not everyone with a raised level of urate will develop
    crystals in their joints
    it’s possible for urate levels in the blood to be normal at the time
    of an acute attack
  2. X-rays of joints will reveal joint damage in long-standing and poorly controlled gout.
  3. Ultrasound of joints can be used to detect earlier signs of gout.
  4. Synovial fluid examinations involve taking fluid samples from a joint through a needle and examining them under a microscope. This test can confirm the diagnosis.

Dietary modifications*:

Organ meats high in purine content (eg. sweetbreads, liver, kidney) Serving sizes of:
• Beef, lamb, pork
• Seafood with high purine content (eg. sardines, shellfish)
Low-fat or non-fat dairy products
High fructose corn syrup-sweetened sodas, other beverages, or foods Servings of naturally sweet fruit juices
Table sugar and sweetened beverages and desserts
Table salt, including in sauces and gravies
Alcohol overuse (defined as more than 2 servings per day for a male and 1 serving per day for a female) in all gout patients
Any alcohol use in gout during periods of frequent gout attacks, or advanced gout under poor control
Alcohol (particularly beer, but also wine and spirits) in all gout patients

Treatment :

  • Treating the acute attack of inflammation
  • Ongoing treatment to reduce the level of urate in your blood and get rid of urate crystals.

Initial treatments for acute attacks:

  • Non-steroidal anti-inflammatory drugs (NSAIDs) or
  • Colchicine tablets or
  • Steroids(injected into the joint or muscle, or as tablets)
  • Applying ice packs and resting the joints.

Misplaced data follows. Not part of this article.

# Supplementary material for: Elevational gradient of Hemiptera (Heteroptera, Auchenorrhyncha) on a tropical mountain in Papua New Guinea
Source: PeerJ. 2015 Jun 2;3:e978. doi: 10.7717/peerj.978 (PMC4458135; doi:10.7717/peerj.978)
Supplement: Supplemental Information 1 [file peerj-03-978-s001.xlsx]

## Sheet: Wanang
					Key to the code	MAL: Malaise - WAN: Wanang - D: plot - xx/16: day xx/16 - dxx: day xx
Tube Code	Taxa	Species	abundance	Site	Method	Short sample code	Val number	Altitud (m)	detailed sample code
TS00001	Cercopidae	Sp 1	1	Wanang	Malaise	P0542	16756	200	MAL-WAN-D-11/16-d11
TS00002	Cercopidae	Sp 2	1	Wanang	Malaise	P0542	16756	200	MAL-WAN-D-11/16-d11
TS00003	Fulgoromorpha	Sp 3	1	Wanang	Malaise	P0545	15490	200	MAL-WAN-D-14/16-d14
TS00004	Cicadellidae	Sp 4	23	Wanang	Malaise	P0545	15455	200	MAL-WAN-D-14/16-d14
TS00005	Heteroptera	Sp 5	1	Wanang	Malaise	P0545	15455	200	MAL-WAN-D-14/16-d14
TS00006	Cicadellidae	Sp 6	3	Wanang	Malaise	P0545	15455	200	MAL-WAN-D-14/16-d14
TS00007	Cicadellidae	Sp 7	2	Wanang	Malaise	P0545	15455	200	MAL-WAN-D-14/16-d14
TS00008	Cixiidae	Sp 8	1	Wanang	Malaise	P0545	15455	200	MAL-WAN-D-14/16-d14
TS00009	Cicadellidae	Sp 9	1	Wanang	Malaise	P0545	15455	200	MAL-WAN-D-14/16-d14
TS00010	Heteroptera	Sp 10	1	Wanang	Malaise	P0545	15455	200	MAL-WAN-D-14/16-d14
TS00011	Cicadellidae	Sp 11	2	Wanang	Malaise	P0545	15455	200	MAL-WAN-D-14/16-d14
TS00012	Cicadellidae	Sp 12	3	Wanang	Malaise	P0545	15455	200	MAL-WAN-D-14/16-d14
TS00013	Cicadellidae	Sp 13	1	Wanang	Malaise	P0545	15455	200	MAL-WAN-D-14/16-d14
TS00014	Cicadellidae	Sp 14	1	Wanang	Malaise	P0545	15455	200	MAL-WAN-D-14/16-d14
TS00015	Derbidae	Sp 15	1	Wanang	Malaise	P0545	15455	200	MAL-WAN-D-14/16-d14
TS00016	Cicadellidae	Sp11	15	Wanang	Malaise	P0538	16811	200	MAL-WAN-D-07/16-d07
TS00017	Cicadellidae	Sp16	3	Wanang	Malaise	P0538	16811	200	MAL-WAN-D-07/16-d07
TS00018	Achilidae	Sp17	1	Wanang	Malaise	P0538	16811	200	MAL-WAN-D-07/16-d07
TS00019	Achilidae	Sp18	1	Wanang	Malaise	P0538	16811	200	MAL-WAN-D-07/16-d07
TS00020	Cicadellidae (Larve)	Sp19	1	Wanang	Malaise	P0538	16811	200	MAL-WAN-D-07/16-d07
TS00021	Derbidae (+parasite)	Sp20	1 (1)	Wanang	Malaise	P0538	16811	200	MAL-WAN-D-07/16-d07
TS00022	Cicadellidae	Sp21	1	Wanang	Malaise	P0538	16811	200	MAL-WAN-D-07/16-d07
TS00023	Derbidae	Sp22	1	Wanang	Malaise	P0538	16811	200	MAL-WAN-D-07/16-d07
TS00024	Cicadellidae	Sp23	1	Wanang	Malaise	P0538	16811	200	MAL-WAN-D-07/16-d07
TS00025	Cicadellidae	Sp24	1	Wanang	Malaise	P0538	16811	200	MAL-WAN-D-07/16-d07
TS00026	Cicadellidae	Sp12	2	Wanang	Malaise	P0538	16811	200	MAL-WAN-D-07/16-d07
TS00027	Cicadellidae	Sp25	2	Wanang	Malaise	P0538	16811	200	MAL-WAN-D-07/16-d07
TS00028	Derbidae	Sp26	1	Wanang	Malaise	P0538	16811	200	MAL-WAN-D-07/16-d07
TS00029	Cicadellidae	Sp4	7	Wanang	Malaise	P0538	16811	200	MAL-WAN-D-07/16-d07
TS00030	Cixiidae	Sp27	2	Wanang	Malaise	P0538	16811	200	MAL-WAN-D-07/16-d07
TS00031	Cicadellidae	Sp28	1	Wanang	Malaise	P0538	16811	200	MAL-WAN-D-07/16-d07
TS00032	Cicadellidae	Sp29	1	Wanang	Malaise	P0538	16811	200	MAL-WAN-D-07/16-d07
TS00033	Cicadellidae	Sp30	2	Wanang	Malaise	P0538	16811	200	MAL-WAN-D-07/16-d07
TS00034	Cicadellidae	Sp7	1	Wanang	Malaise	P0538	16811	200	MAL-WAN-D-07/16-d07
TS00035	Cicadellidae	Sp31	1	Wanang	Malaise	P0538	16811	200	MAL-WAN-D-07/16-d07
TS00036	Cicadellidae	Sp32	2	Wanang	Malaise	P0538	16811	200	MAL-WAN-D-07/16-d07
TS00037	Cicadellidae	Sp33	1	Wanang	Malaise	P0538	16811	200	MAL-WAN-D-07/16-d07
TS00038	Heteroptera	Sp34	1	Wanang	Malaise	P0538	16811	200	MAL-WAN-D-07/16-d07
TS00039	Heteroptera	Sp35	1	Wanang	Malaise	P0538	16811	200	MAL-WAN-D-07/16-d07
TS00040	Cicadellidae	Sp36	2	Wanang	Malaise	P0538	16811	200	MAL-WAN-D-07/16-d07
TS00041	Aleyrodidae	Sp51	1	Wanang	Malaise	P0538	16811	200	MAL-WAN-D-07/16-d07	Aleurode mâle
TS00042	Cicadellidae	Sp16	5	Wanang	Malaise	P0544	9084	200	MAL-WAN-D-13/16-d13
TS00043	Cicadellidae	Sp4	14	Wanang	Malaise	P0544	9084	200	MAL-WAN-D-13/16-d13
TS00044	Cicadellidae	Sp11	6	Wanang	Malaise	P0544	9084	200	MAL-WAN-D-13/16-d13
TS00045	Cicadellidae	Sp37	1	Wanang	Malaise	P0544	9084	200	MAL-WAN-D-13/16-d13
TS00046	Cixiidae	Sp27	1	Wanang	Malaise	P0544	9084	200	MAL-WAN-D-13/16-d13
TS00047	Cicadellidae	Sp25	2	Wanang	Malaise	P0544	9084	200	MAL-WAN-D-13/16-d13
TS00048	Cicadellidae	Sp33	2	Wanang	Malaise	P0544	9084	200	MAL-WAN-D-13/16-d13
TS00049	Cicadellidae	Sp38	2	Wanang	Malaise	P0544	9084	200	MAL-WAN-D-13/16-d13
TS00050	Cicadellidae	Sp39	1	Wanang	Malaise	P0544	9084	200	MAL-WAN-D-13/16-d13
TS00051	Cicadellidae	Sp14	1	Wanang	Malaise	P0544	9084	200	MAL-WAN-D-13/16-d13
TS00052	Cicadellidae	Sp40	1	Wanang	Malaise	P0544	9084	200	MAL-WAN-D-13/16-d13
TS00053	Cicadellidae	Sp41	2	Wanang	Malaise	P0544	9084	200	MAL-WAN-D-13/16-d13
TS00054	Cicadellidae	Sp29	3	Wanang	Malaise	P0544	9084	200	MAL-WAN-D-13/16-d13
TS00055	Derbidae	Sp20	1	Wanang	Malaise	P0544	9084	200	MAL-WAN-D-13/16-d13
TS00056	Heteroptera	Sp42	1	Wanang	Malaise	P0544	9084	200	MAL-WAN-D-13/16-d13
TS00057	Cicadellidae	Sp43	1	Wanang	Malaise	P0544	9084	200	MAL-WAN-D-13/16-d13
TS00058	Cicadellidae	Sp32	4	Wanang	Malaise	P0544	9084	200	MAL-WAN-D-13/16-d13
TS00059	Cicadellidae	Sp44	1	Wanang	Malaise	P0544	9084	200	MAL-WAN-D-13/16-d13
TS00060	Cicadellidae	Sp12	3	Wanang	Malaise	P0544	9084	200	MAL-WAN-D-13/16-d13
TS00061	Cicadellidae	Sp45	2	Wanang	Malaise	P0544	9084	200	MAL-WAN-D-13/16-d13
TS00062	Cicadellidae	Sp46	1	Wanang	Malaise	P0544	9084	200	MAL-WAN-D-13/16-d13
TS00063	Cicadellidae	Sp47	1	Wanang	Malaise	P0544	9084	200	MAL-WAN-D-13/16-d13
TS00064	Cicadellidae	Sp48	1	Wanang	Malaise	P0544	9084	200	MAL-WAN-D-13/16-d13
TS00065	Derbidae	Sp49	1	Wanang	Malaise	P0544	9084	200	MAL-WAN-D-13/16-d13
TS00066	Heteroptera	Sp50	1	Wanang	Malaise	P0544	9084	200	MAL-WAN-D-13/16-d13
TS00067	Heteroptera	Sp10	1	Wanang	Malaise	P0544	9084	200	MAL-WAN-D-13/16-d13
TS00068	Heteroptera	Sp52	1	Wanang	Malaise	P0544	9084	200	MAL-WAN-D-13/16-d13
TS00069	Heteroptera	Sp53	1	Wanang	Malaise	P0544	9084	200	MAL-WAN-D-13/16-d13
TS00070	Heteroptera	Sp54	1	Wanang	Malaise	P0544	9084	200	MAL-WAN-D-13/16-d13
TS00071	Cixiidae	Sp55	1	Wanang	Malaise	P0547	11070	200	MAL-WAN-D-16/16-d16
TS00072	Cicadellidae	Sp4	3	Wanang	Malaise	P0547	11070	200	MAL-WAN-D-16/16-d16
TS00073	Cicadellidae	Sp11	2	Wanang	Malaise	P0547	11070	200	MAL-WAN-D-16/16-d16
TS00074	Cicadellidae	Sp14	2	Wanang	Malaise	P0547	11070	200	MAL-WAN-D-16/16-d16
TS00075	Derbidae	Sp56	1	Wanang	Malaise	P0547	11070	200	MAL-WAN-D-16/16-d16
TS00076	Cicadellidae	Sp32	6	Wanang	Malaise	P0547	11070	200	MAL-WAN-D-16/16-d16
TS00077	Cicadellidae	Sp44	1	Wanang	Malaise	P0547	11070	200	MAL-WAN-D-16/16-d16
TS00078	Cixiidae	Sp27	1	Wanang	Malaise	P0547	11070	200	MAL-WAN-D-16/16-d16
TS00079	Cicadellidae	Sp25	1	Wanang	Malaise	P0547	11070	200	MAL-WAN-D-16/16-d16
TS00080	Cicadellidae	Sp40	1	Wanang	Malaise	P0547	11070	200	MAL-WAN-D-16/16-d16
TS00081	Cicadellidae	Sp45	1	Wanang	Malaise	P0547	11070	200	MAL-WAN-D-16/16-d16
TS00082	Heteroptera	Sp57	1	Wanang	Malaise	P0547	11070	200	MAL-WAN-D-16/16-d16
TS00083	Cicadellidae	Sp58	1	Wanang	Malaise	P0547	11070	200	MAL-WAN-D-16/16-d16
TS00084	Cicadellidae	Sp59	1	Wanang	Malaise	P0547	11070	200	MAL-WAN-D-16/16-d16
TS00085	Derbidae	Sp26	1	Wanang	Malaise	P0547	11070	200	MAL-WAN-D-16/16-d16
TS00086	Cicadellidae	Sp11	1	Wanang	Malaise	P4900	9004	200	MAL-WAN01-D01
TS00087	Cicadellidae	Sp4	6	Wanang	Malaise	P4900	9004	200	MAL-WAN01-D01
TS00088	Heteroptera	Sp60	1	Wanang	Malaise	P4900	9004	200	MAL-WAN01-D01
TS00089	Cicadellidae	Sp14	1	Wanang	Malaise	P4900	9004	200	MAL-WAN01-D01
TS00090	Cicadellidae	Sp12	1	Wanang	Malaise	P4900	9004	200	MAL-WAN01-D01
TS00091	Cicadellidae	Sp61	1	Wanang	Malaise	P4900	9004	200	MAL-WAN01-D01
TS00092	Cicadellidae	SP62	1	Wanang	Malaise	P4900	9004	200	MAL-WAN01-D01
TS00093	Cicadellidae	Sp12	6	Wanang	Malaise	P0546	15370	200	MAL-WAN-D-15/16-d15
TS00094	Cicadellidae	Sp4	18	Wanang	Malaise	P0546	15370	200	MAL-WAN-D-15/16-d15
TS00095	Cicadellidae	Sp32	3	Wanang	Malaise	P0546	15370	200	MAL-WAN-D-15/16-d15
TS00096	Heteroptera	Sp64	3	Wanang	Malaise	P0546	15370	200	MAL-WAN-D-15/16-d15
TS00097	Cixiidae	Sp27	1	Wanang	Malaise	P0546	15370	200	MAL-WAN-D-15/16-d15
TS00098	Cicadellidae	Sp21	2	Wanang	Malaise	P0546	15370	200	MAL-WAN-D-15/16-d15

Longer-term treatments aim to lower urate levels and reduce the risk of further attacks. These include:

  • Allopurinol or febuxostat (which reduce the amount of urate your body makes)
  • Uricosuric drugs (which increase the amount of urate your kidneys get rid of).

If you’ve had an attack before,
be on the lookout for early signs of another attack,
take your prescribed treatment as soon as possible.

The earlier you start treating an acute attack the better.


  • Lose weight if you’re overweight.
  • Have a balanced diet and avoid eating excessive amounts of purine-rich foods (for example offal, oily fish, yeast)
  • Avoid drinking too much alcohol
  • Avoid dehydration by drinking plenty of water
  • Avoid sugary fizzy drinks and fruit juices can be high in sugar
  • Include fruit, vegetables and other foods rich in vitamin C in your diet
  • Control blood pressure, diabetes and raised cholesterol
  • Exercise regularly
  • Avoid stress and enough rest

What is the outlook?
Attacks can vary from person to person. In time, though, attacks tend to happen more often and new joints are affected. A continued build-up of urate crystals and formation of hard tophi can damage your cartilage and bone, leading to long-term (chronic) arthritis.

With appropriate help from a rheumatologist and some changes to your diet and lifestyle, this type of damage can usually be prevented.

Remember NOT EVERYONE with a raised uric acid level
needs treatment to lower it.
Discuss with your rheumatologist for details.


What is lupus?
Lupus is a disorder that affects the skin and joints and often also involves the internal organs, including the heart or kidney. Lupus is an autoimmune disease, which means that your body’s defense system produces antibodies that attack the body’s own tissues.

Lupus is more common in younger women.
Only about 1 in 15 cases of lupus begins after the age of 50 and
it tends to be less severe in people who are over 50.

What are the symptoms of lupus?

  • Joint pain
  • Skin rash
  • Fatigue
  • Fever
  • Weight loss
  • Headaches
  • Mouth ulcers
  • Hair loss
  • Swelling of lymph glands/swelling of feet
  • Colour changes in the fingers or toes in cold conditions
  • Shortness of breath, or pain when breathing in

You will need REGULAR CHECK-UPS with your doctor for early signs of these complications.


What is the outlook?

It is a variable and unpredictable condition and may even be life-threatening for people whose vital organs are affected. It’s hard to predict exactly how lupus will affect you. Most people with lupus don’t have the more serious complications, but your doctor will be on the look-out for these so that early treatment can be given if necessary

How is it diagnosed?